provided (see Appendix 2 for an example).

MILD AUTISTIC SPECTRUM DISORDER

Children with autism display characteristics described by Autism

Spectrum Australia (Aspect) (2017) as having behavioural difficulties, and facing social and communication challenges.

Children with ASD favour routine and repetitive behaviour so as to maintain

environmental predictability, socially they “have difficulty establishing

and maintaining relationships” and with regard to communication,

“those who can speak, they will often use language in a very limited or

unusual way”. Donaldson & Zager

(2010) go so far as to suggest that high functioning ASD students have a

similar neuropsychological profile as students with non-verbal learning

disabilities (p. 41).

“With acceleration of the prevalence of autism spectrum disorder

(ASD) has come the imperative to provide effective intervention and treatment”

(Wong, Odom, Hume, Cox, Fettig, Kucharczyk, Brock, Plavnick, Fleury &

Schultz, 2015, p. 1951)

When compared with students with learning disabilities, students with

ASD demonstrate slower rates of improvement in applied mathematics and

calculation skills (Wei, Lenz, & Blackorby, 2013).

Further, King, Lemons & Davidson (2016) cite Migliore, Timmons,

Butterworth, & Lugas (2012) who claim that despite average or above-average

mathematical performance, students with ASD are less likely to attend tertiary

education than other students with a disability, and so are more susceptible to

unemployment (p. 444).

As cited by Barnett & Cleary (2015, pp. 172-173), Mayes &

Calhoun (2003) and Whitby & Mancil (2009) report that when the cognitive

complexity increases, and students with ASD are required to problem solve,

engage in higher order thinking and mathematical reasoning, students with ASD

may struggle to sustain acceptable mathematics skills, knowledge and

understanding.

Targeted direct instruction, particularly visual representation, as

seen in the results of studies conducted by Bouck, Satsangi, Dougherty, &

Courtney (2013), Cihak & Foust (2008), and Rapp, Marvin, Nystedt, Swanson,

Paananen, & Tabatt (2012) as outlined by Barnett & Cleary (2015, pp.

175-177) has achieved some success improving the mathematical performance of

students with ASD in primary school.

King et al. (2016, p. 453) also elaborate on instructional intervention

strategies, including the use of ICT via videos and computer programs, as well

as prompting, supported by a combination of positive reinforcement and concrete

manipulatives (p. 456). In addition,

many of the students in these studies were removed from the mainstream class to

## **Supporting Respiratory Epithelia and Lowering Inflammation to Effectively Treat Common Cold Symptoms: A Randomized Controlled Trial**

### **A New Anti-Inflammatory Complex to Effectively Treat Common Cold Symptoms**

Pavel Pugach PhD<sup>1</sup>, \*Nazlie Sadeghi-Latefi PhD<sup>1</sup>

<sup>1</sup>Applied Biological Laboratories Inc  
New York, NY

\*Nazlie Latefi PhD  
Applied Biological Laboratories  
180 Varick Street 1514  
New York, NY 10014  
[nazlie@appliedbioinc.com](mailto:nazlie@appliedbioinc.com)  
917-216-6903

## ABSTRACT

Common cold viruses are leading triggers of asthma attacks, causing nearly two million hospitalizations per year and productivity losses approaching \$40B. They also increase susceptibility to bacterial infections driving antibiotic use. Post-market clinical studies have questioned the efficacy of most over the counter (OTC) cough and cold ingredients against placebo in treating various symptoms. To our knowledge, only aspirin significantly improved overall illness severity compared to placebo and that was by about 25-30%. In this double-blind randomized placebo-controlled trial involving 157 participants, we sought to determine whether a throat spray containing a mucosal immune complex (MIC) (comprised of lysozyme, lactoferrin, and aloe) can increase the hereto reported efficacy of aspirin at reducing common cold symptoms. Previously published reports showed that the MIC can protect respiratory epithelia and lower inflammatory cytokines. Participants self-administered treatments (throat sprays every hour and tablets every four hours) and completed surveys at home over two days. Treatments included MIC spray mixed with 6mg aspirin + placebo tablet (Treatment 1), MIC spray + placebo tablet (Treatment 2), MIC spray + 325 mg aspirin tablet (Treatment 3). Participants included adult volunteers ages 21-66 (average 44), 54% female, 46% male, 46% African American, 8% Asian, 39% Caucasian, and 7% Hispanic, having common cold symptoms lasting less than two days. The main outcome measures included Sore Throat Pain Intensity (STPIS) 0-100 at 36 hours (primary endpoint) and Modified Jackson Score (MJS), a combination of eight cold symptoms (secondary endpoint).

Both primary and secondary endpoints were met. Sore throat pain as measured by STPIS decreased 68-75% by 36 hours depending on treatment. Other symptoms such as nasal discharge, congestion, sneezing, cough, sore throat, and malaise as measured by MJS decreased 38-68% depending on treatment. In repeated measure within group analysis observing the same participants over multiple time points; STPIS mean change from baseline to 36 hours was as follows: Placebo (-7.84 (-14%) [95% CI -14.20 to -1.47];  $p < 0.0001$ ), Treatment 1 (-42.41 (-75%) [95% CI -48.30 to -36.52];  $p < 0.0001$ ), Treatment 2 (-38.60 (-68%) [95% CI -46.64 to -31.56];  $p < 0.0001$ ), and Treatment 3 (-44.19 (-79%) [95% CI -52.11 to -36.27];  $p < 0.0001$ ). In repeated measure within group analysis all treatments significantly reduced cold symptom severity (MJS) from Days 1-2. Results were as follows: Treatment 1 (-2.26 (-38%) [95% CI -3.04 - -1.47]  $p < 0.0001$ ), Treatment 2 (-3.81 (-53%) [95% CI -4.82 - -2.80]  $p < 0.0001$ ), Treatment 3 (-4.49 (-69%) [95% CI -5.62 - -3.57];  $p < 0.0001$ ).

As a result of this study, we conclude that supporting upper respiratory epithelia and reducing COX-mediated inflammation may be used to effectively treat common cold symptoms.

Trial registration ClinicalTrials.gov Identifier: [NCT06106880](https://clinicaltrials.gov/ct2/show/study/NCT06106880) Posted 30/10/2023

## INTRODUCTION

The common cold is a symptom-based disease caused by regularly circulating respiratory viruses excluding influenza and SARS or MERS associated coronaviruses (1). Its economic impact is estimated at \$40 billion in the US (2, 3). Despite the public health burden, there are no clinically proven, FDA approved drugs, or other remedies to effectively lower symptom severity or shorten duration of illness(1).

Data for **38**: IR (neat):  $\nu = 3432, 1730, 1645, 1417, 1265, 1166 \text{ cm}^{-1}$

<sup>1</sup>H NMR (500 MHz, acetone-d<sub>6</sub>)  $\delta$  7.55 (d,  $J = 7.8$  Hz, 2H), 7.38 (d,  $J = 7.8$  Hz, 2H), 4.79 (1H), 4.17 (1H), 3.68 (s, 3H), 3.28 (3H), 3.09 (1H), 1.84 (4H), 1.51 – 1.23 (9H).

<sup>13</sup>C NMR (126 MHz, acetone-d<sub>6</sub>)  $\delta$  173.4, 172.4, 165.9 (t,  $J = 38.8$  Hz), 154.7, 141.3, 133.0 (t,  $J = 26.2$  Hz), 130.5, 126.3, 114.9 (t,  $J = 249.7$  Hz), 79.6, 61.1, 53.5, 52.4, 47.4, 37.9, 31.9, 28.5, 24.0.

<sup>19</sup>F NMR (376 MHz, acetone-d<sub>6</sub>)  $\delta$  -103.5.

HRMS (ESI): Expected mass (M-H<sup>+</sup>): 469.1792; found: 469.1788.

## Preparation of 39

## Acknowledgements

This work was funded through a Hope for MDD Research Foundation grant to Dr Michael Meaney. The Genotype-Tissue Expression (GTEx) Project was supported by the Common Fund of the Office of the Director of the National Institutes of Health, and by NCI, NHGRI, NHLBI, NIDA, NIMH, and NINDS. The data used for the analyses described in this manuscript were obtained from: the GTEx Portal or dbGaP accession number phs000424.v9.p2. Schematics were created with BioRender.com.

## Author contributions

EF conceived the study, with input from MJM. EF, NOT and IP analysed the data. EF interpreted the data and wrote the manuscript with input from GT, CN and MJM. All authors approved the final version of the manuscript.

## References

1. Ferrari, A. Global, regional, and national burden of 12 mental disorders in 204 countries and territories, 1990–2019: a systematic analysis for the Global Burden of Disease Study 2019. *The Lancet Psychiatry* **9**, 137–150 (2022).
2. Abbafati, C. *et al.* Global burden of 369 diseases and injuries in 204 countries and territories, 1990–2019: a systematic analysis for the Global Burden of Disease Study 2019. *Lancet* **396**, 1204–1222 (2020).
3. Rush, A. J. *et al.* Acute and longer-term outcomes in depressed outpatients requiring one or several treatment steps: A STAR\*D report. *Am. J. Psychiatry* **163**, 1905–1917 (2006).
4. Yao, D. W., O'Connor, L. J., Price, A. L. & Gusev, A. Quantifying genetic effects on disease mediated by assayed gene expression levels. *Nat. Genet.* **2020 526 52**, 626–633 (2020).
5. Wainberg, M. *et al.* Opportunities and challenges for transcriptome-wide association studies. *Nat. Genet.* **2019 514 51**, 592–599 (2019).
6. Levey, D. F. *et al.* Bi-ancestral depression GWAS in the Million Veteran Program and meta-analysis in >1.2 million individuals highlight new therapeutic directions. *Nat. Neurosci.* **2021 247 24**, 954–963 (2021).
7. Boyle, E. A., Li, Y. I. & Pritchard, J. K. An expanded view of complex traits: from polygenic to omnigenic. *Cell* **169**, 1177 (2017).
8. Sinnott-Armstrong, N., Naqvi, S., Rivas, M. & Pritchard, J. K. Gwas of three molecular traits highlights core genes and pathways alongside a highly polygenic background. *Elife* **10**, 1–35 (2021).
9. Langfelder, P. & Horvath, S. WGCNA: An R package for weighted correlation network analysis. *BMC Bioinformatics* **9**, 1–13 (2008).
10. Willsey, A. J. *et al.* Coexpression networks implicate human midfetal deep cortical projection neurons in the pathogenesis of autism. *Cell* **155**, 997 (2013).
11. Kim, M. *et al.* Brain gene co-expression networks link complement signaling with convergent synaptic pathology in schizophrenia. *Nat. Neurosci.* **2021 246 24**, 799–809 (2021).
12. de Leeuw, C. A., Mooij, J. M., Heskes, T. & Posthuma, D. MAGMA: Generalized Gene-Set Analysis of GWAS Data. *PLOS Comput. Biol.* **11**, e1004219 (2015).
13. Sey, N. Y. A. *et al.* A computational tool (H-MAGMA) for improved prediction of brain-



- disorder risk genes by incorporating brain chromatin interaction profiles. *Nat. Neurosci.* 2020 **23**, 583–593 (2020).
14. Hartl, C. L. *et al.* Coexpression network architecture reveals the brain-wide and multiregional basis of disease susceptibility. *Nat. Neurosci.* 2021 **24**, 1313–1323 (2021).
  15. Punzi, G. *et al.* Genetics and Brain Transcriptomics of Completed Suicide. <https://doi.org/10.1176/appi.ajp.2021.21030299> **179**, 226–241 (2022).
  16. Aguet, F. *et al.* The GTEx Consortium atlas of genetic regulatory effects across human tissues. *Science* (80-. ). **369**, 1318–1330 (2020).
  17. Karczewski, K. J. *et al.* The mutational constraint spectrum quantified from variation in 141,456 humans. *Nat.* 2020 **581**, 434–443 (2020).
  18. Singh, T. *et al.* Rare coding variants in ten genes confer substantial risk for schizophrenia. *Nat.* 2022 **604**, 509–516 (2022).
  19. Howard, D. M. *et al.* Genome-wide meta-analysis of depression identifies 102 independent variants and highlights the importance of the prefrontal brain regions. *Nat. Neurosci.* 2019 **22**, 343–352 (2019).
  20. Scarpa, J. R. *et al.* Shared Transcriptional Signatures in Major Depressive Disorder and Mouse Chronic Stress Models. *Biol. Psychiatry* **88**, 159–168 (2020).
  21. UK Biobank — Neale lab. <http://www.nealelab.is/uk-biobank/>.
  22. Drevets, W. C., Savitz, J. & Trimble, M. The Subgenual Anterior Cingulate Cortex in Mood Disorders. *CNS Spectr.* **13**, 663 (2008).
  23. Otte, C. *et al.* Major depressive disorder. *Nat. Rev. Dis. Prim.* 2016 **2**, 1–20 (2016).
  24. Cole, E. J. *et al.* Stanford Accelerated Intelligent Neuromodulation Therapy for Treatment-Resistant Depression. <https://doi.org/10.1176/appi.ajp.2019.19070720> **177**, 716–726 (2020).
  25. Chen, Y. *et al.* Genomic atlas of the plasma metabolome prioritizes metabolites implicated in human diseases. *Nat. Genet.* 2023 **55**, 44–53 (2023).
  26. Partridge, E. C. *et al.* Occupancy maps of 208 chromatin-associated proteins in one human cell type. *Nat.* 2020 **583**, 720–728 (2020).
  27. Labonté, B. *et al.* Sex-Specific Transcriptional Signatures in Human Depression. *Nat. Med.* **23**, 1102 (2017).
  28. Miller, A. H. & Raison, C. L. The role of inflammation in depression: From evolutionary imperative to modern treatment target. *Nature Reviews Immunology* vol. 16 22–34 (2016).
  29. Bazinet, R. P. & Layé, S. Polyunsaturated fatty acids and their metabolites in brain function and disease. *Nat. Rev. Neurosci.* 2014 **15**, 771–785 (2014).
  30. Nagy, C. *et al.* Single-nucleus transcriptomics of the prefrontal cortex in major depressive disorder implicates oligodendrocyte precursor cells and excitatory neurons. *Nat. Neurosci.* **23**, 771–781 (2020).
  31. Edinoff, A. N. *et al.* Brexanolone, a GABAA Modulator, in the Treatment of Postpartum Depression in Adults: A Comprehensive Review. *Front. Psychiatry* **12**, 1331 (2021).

either a secluded section of the classroom, or another room (Barnett &

Cleary, 2015, p. 181). This instruction

was one-on-one in a large portion of cases (King et al., 2016, p. 455).

Many of the studies cited by both Barnett & Cleary (2015) and King

et al. (2016), involved small sample groups.

While this may not seem statistically significant, it is reasonable to

consider the outcomes relevant to an inclusive classroom in which just one

student has ASD.

As discussed in the literature review, targeted one-on-one

instructional intervention using concrete manipulatives has been successful in

achieving positive results with students with ASD. It is therefore the chosen strategy to teach

the required concepts of time for Mathematics outcome MA2-13MG to our

high-functioning autistic student, focussing on matching digital and analog

times and writing them in words.

Concrete manipulatives such as the clocks used in the What is the Time?

activity on nrich.maths.org, matched with custom digital time flashcards (see

Appendix 3) will be used.

During the class math lesson, our ASD student works one-on-one with the

Special Needs Teacher in their office.

Tailored to the Mathematics MA2-13MG outcome, the Special Needs teacher

may choose to use the following concrete manipulatives: a selection of analog

clocks (refer Appendix 3) that the student can then identify using appropriate

terminology (MA2-1WM), and also write the digital time; or they may play a

matching game where flashcards (such as those in Appendix 3) are turned over to

match the digital and analog times.

While students in the mainstream class me be engaging in the same

activities, the ASD student benefits from one-on-one direct teaching to assist

and prompt where and when required.